In its second phase the project covers the north-south 2000 kilometres (Srinagar to Kanyakumari), east-west 2000 kilometers ( Silchar in the North-east to Porbandar in western Gujarat). It is definitely the “mother and father of all Silk Roads”! In the third phase the government recently approved upgrading 12,109 kilometres of highways on a Build, Operate, Transfer (BOT) basis handed to contractors and which will expand existing highways between state capitals and economic centres across India. Contracts have been awarded for 2075 kilometres. Later more such expansion phases will come.

God alone knows the effects which they will have on both the common man and the environment – both of which do not appear in India’s economic chart. Because I have been witness to its destructive potential at first hand I am fearful for the overall impact of this kind of project on the whole nation. Certainly it will usher in a sea-change, but will the impacts of this new addiction bear good fruit? In my opinion it can not.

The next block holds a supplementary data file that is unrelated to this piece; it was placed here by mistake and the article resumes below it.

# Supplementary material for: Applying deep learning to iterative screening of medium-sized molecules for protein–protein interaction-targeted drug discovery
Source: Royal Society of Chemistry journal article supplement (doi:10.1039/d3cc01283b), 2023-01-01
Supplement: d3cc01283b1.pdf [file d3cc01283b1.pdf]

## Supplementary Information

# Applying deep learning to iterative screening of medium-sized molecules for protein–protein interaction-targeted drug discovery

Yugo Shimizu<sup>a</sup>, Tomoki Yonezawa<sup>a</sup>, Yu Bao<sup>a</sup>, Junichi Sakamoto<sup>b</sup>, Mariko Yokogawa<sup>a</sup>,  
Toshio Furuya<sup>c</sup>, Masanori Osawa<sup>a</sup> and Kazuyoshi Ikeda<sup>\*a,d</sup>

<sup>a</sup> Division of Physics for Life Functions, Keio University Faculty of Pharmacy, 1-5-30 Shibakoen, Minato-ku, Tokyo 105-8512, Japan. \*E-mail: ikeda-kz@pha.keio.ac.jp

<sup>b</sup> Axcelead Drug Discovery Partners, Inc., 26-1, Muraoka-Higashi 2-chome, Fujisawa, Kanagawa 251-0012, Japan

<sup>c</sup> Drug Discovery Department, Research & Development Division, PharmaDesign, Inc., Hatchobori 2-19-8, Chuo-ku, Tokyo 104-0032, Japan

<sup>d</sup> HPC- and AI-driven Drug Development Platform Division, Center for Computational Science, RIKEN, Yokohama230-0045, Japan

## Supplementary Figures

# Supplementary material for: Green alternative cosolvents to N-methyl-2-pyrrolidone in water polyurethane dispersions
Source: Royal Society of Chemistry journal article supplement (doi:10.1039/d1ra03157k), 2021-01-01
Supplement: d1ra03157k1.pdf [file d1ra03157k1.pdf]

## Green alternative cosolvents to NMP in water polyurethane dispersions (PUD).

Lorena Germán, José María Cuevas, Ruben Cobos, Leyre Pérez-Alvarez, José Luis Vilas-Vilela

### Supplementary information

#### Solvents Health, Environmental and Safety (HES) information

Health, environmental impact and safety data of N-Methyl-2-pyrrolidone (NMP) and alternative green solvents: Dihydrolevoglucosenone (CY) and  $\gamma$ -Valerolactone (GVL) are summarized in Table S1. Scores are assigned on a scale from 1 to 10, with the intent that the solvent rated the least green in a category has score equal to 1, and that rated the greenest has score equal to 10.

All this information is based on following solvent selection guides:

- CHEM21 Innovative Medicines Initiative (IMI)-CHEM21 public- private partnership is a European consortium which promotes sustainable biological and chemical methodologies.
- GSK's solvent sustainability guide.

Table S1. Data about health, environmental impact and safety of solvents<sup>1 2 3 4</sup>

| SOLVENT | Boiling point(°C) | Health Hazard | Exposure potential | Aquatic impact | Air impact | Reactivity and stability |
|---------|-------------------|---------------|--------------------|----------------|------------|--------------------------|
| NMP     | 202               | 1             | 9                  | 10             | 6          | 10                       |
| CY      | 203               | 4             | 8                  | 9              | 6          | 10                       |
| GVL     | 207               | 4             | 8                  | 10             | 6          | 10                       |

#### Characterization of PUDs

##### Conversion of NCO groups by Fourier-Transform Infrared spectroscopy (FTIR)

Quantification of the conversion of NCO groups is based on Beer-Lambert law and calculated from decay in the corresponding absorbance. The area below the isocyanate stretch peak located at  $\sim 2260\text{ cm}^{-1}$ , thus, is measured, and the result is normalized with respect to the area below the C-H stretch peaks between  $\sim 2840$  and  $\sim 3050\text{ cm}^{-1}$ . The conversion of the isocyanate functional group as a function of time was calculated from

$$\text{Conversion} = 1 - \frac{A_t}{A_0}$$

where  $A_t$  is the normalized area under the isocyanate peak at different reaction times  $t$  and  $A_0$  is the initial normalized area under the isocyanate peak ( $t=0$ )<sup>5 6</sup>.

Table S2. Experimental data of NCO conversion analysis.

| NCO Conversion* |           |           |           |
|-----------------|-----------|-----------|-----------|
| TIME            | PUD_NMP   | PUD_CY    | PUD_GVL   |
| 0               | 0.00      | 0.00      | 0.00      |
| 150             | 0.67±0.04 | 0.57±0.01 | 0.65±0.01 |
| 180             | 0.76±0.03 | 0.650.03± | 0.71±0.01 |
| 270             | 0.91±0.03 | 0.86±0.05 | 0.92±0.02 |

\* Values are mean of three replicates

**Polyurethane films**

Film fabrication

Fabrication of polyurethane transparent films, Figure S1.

This ambitious project has shown its destructiveness to villages in its way, and the roadside trees which were the glory of Mughal roads in India, and in our region which were developed by Sher Shah. As the road widening slowly started showing its effects we witnessed the disappearance of the landscape along the roads, the wholesale cutting down of massive trees. My own N.H 33 in Hazaribagh was denuded of an estimated fifty thousand ancient trees on its way to Ranchi barely 100 kilometres away. Hundreds of thousands of smaller trees also disappeared along the highway. From Kolkata to Barhi to Benares and Allahabad and on to Delhi the old Grand Trunk Road became a barren treeless mass of linear concrete winding across the northern plain, the villages on its both sides being largely destroyed by the massive ever widening concrete road running through; small towns felt the full wrath of the highway with hundreds of thousands of solid brick and cement houses being destroyed. Where there were forests such as in the highlands of Jharkhand, these were mowed down. In bigger towns and cities immense flyovers and by-passes were built. The present highway expansion across India covers a distance of 60,000 kilometres at a cost of approximately a billion dollars for every thousand kilometers. The loss of buildings and normal life along the highways is not calculated, nor is the ecological costs incurred through cutting down of ancient shade, fruit, and sacred trees like banyan (ficus bengalensis) andpipul (Ficus religiosa). Other valuable trees like mango (Mangoferus indica) and neem (azadirachta indica) have been destroyed by the millions. I have seen the effects of this highway expansion in my home state of Jharkhand first-hand and the effects it is having on the roadside buildings and populations, often very poor people, as well as the clearing of all the roadside trees that formerly provided shade during the very hot summer. The summer temperatures every year are dramatically rising, the concrete highway being a burning concrete strip, while rainfall patterns in these areas has dwindled affecting the rice plantations along the highway. Millions of hectares of rice fields have also become victims of highway expansion. The National Highway 33 passes through Hazaribagh, the town where I live, a stretch of slightly over four hundred kilometers connecting the nearby town of Barhi (on N.H.1) and the town of Baharagora in the southwest on the border of Jharkhand with the state of Orissa. This road is entirely within Jharkhand state. It is only one of the many similar highways in my region being destroyed to create a new India. Like all other state development projects the costs are not counted, neither human, social or ecological costs which will be handed over to future generations of Indians. There is another cost, the one of the aesthetic loss to the nation. The danger of the highways expansion is not only affecting the national highways, but is also affecting state highways, which are being developed from two to four lanes as well. The roadside trees and villages face the same harrowing fate as the “national” highways have started. Recently I visited south Jharkhand and saw the road from Simdega to Kunkurri being widened, a distance of approximately a hundred and odd kilometers. The present roads in the small township of Simdega are hellish, so is the present road from Simdega to Kunkurri (In Chhatisgarh state) is equally hellish, but instead of repairing the existing roads a massive new highway is planned. In the small village of Kurdeg which is on this highway I was shown where 40 feet on either side of the existing 80 feet wide road would destroy houses. It was an appalling sight, but in retrospect only a microcosm in comparison to what is happening in almost every district of India even now as I write!